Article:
Panic descends like a fog as you exit Earl Gregg Swem Library. It falls as a slow-moving miasma as you shrug on your backpack, poised to envelop your body from the head down. It ricochets unsettlingly in your mind, sending tremors through your shoulders and into your back and arms. It consumes you. “Just a short break,” you think. “Just a short break and I’ll write the last page of that IR paper; I’ll outline that last chapter of biology.” It’s dinnertime, at least according to your phone’s clock, and you should be getting hungry by now. The sun’s just starting to dip, and a deep, incomprehensible chill sets in. Surely your wide-ranging ancestors didn’t live like this. They were up at dawn with the herd and down to sleep again at sunset. You haven’t seen the sun since it shone over Jones Hall after 3:30 lecture.
“Who am I?” you ask. “Who am I?” as you step into the Sadler Center and grasp for your ID. “Who am I?” as the blue mass in your periphery crystallizes into the atrium’s cobalt-hued couches. You stagger around in some blank imitation of reality void of purpose or affirmation. Nothing substantive materializes. You wonder what you’re really trying to accomplish here. A job, a house, some fulfillment, and maybe some money on the side? “No,” you think, “there has to be some deeper significance, something worth striving for.” And then you turn the corner and look through those swinging glass doors, and there it is. There is Qdoba.
The smell is the first thing that hits you, and it hits hard: a wave, not a fog. The smell is meaty, but carries sublime hints of tortilla, maybe even lime. A feast has been laid out just for you. There’s succulent beef and sweet, creamy queso. There are beans of every two kinds imaginable, and pico de gallo dotted with pungent cilantro. You’ve been wandering in a world where all too often it seems like your path has been predetermined, but in Qdoba you’ve discovered a haven of opportunity. White rice? Brown rice? The possibilities are endless. Qdoba is the only truth. It’s material, it’s warm, and it’s yours.
But what’s this? The doors are shut. The smell has evaporated. The counter, whose compartments should be overflowing with foods of vaguely exotic taste and texture, sits empty and unaccompanied. Are you even in the right place? Is Qdoba here anymore? Will it ever be here again? Maybe the strain of academic life has gone to your head. Perhaps Qdoba is some extravagant invention of your frayed mind. It’s probably only open when you’re not there, teasing you into ontological insanity. If only the hours were public knowledge… “Just give me a sign, Qdoba,” you wail, “or at least a clear and visible list of your hours of operation.” Someday, there will be a reasonable universe in which you can seek out a release to your stress without the hindrance of obscure, seemingly arbitrary, opening and closing times. In that perfect timeline, the administration will provide us with large boards proclaiming the news of Qdoba’s arrival.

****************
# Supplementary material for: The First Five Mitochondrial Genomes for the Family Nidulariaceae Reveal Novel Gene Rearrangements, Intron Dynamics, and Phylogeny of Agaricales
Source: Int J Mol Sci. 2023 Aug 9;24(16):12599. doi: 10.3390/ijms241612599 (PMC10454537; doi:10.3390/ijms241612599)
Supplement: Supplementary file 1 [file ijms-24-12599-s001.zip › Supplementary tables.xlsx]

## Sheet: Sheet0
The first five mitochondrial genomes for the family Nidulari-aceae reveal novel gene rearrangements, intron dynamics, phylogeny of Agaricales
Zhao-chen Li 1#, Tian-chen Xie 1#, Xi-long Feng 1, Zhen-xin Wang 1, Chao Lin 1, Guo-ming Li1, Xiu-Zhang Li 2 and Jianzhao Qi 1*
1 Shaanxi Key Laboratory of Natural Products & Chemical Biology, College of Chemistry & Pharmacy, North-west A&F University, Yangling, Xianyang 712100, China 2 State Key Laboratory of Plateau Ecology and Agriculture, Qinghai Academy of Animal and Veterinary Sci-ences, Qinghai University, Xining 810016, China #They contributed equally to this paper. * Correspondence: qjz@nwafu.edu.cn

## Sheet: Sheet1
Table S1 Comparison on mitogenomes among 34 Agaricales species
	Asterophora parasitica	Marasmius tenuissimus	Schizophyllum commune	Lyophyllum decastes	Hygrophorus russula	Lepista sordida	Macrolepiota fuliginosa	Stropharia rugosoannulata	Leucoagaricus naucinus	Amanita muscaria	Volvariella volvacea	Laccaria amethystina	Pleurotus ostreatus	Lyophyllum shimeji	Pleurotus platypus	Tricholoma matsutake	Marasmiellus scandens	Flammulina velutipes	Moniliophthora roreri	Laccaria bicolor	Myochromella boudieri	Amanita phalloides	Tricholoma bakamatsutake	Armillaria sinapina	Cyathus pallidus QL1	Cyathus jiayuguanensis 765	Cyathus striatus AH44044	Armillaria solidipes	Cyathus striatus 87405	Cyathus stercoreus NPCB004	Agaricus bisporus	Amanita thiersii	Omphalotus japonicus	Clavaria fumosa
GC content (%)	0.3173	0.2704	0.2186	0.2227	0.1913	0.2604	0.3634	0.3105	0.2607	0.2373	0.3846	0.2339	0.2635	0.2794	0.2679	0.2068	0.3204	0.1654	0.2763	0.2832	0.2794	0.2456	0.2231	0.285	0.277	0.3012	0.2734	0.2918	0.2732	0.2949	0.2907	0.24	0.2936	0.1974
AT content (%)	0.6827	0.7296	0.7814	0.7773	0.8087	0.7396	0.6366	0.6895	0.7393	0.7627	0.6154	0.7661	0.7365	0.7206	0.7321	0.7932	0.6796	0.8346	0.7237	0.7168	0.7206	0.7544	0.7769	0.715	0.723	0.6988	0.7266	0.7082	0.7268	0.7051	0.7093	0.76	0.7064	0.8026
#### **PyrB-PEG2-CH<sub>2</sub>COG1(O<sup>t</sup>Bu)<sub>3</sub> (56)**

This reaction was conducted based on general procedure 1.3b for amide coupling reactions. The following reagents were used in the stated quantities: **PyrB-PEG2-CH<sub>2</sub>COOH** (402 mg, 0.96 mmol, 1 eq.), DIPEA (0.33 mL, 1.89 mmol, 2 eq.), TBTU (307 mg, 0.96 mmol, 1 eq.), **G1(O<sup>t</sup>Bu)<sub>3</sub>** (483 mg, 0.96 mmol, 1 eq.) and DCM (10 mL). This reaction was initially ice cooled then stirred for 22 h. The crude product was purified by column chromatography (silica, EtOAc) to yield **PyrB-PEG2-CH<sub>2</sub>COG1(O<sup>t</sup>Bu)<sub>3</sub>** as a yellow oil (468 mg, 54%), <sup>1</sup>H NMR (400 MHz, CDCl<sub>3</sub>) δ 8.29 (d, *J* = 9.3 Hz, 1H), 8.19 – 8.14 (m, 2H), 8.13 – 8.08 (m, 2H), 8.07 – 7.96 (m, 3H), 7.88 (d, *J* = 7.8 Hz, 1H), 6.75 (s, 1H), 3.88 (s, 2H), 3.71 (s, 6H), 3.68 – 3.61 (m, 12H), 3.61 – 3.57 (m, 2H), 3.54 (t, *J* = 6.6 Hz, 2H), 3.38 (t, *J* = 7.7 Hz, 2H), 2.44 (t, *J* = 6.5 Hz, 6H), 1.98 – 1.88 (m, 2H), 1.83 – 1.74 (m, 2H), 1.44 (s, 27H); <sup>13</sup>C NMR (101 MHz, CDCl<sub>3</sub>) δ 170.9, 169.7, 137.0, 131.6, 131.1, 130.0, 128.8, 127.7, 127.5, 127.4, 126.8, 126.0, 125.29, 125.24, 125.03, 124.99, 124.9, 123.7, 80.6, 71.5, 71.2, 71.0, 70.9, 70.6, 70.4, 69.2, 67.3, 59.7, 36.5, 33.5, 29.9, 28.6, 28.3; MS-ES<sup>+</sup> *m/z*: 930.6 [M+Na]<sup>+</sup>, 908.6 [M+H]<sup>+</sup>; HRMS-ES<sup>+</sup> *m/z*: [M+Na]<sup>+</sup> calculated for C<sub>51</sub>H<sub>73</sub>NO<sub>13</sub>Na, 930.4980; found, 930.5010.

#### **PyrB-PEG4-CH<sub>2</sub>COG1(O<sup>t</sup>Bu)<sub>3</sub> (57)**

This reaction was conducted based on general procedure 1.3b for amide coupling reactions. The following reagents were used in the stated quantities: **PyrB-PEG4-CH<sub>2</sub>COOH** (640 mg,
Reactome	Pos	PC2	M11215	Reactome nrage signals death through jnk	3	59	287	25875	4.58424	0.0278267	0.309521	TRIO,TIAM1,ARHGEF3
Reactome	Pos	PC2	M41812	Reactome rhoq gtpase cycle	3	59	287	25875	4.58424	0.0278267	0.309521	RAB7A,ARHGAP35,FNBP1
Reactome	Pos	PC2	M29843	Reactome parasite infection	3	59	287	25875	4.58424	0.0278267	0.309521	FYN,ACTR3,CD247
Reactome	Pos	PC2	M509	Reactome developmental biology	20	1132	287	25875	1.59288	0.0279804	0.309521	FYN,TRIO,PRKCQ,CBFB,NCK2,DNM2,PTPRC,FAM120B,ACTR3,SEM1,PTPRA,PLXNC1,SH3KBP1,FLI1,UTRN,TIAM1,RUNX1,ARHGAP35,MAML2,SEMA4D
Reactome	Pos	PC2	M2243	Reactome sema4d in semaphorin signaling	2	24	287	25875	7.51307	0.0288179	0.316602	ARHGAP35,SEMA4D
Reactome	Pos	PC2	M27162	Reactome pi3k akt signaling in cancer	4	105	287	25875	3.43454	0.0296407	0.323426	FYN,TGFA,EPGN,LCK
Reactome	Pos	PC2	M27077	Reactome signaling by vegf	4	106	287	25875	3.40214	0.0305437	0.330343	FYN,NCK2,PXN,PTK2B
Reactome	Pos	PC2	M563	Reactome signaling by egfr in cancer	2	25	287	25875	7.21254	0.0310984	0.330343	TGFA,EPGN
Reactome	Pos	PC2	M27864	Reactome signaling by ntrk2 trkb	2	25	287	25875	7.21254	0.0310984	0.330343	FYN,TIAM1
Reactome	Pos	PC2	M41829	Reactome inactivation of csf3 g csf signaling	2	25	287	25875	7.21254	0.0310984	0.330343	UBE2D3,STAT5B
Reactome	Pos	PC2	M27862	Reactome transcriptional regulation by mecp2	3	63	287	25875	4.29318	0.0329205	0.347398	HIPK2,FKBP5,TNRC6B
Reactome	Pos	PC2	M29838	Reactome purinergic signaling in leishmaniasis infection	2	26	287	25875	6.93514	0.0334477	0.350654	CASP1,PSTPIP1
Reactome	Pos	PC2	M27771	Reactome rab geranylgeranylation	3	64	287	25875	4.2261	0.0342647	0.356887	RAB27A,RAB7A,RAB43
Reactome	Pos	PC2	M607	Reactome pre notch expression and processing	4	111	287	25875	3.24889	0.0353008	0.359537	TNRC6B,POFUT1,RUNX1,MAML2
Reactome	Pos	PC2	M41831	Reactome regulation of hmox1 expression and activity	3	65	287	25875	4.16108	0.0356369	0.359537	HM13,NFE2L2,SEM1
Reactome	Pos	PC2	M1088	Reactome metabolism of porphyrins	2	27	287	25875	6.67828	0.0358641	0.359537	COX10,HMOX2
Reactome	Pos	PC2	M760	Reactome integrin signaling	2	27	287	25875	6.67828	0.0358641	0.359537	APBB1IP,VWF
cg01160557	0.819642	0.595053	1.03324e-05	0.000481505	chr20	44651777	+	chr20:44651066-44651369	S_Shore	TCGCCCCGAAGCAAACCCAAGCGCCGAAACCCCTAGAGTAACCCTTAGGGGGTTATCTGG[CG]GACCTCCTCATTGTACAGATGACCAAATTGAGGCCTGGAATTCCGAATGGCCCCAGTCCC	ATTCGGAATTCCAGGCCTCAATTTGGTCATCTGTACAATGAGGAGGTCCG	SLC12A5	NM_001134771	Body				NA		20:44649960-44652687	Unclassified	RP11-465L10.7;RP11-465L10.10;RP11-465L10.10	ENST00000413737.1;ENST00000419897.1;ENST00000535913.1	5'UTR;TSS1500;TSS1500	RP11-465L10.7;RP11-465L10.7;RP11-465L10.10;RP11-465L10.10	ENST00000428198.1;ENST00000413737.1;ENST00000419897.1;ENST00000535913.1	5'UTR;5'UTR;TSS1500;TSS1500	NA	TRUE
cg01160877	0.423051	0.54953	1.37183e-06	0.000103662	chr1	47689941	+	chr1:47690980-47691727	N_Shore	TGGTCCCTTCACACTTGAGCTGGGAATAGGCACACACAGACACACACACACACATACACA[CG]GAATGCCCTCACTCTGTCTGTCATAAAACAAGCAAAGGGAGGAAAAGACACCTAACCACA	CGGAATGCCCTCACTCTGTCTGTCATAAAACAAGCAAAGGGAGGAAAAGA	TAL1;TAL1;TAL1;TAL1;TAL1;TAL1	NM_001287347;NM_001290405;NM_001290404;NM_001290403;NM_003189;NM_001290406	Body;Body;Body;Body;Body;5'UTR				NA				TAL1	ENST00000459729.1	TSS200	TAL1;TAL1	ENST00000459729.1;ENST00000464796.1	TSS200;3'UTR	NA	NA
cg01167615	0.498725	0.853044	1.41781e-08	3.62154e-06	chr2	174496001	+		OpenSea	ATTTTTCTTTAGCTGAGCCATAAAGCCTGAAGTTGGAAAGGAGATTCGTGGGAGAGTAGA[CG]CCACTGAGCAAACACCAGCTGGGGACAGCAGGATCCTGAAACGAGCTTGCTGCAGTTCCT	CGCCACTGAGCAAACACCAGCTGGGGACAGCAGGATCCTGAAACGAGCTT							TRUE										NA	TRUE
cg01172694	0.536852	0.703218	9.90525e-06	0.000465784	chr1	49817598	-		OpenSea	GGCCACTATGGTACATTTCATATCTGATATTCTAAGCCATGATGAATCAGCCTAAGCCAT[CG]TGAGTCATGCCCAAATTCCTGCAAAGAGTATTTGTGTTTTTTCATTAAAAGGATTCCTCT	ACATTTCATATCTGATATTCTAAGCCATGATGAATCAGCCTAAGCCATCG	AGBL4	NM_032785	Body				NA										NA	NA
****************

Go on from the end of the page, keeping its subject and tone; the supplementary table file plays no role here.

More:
Deprived of any noticeable indication of Qdoba’s opening, you decide to move on. You’ll probably go back to the library for a bit, putter around on your laptop just enough to convince yourself that you’ve accomplishing something, and then go back to your dorm room and make ramen before passing out at 12:44. The refuge of cathartic gluttony that is Qdoba has been closed to you just when you needed it most. You slink away, returning to your daily search for meaning. Maybe Qdoba will be here tomorrow, or the next day, or the next. Maybe.
Email Quinn Monette at email@example.com.